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Learn About Calypso, A Moon of Saturn

written by: Reeja Mathew•edited by: RC Davison•updated: 6/18/2010

In February 2010, Cassini spacecraft took some very clear images of Saturn's moon Calypso as it passed by at about 21,000 kilometers (13,000 miles). These will help scientists learn more more about the nature of this tiny moon and Saturn's large satellite system.

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    Planets and Moons

    All the planets except Mercury and Venus have moons which orbit them. Unlike Earth, which has only one moon, Jupiter and Saturn have many moons. Saturn, the second largest planet in the solar system, has sixty-two moons revolving around it as of May 2010. Titan is the largest among these moons, and is even larger than the planet Mercury. The Cassini mission, which has had its mission extended and is now known as the Cassini Equinox Mission, is continually gathering more information on Saturnian system.

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    Discovery and Naming of Calypso

    Saturn has different groups of moons: ring shepherds, irregular moons, Trojan moons, and co-orbitals.

    Before the launch of spacecraft like Voyager and Cassini these moons of Saturn were identified through observations from Earth. In March 1980, D. Pascu, P.K. Seidelmann, W. Baum and D. Currie discovered Calypso, a small, irregularly shaped moon of Saturn using ground based telescopic observations. Both Calypso and Telesto were discovered in the same year and were named after goddesses in Greek mythology. Tethys was discovered in 1684 by G.D. Cassini. According to Greek mythology, Tethys had two daughters Telesto and Calypso. Thus the moons which share the orbit with Tethys were named after the daughters of the goddess.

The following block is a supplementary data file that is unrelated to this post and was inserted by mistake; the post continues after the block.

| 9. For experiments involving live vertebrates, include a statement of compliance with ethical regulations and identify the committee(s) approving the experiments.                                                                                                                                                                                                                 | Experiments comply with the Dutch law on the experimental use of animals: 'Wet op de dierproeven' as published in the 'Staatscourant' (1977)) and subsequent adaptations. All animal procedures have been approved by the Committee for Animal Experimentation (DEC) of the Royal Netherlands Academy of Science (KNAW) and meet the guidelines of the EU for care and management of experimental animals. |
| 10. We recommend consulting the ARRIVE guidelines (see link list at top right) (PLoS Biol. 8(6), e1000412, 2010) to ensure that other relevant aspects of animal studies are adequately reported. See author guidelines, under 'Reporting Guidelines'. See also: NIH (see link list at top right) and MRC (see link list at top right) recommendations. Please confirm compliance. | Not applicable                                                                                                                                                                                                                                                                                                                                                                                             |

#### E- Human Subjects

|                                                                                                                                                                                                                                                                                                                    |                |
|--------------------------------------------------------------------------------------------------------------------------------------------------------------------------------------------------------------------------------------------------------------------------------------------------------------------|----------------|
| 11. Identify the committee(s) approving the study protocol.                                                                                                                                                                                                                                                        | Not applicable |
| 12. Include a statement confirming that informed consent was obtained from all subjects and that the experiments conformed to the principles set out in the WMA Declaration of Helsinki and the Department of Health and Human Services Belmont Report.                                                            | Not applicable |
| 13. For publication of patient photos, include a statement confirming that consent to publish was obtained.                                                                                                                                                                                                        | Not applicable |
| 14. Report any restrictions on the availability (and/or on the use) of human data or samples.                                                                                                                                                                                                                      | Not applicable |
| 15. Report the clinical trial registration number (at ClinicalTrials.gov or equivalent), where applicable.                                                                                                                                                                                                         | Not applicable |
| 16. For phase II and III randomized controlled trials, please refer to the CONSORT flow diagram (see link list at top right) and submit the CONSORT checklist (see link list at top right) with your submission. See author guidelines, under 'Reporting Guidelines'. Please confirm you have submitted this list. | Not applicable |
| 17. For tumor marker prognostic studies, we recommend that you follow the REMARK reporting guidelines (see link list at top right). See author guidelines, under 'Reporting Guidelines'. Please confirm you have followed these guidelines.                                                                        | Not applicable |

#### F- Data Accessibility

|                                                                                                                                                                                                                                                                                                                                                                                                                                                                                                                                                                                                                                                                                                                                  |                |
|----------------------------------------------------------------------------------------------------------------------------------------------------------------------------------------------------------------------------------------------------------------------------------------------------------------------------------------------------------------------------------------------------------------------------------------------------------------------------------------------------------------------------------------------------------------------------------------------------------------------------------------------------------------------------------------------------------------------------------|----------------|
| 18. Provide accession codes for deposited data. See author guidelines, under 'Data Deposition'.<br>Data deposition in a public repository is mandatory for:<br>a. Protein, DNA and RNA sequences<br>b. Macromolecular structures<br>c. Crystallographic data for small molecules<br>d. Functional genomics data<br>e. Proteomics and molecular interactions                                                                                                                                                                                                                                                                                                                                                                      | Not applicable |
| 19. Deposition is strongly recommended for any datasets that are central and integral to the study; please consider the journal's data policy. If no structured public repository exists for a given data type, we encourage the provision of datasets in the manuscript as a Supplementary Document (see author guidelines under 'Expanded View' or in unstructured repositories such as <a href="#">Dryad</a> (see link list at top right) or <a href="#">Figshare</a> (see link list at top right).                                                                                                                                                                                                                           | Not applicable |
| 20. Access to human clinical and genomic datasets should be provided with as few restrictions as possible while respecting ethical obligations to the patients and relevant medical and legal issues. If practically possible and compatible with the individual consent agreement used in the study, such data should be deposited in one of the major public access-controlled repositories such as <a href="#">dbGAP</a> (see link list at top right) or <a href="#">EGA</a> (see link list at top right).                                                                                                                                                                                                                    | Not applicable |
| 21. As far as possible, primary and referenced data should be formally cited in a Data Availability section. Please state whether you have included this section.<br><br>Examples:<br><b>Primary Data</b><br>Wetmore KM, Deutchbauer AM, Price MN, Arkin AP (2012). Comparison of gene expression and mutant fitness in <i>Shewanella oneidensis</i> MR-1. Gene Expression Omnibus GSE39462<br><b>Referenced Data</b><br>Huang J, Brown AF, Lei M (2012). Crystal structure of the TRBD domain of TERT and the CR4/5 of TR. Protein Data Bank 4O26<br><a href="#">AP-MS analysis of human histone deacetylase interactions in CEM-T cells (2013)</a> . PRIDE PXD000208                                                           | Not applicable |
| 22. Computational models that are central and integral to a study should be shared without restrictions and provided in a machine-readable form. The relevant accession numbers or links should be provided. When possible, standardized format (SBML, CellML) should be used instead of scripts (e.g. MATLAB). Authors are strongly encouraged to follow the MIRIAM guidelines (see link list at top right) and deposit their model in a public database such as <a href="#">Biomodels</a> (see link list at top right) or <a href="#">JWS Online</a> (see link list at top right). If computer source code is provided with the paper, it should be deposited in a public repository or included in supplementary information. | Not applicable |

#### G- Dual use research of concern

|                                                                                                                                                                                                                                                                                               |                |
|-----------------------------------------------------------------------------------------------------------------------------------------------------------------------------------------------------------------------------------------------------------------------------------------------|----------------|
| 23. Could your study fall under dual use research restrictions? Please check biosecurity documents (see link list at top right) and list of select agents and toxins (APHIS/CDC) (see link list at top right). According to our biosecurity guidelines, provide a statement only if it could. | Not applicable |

The Trojan moons are a special feature of Saturn. There are four Trojan moons and Calypso is one among them. Calypso, and another moon, Telesto revolve around Saturn in the same orbit as the moon Tethys, and are called Tethys Trojans. They occupy a special region called Lagrangian Points, where both experience gravitational stability. In this region the gravitational force of Saturn is balanced by that of Tethys. Calypso is 60° behind Tethys and hence is the trailing Trojan, whereas Telesto is ahead of Tethys by the same angle.

    The other two Trojan moons are Helene and Polydeuces, but they share an orbit with the moon Dione.

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    Facts About Calypso

    Calypso by Cassini  This 22 km (14 miles) long moon of Saturn takes forty five hours and nineteen minutes to complete one revolution about the planet. Its surface is very smooth and has a very high ability to reflect light - i.e. it has a high albedo. The unusual smoothness of the Calypso has led scientists to believe that it may be formed from a disordered mass of fragments where different pieces fit together to give a smooth appearance.

    Calypso’s orbit is in the E-Ring of Saturn, which is formed by the enormous amount of water and ice fragments thrown out of another moon of Saturn, Enceladus. This contributes to another characteristic of Calypso—its white surface, which is believed to have formed by collecting the fragments of fresh ice from the Saturn’s E-Ring. Its visual geometric albedo is 1.34 and it is 294,619 km (183,000 miles) away from Saturn.

    Both Cassini and Voyager 2 have successfully taken images of Calypso, but the ones taken by Cassini are clearer, as they were taken from a much closer range and showed that Calypso is covered with dust. Even though these images provided information on this small member of Saturn family, a lot remains to be discovered.

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    Sources: Information and Images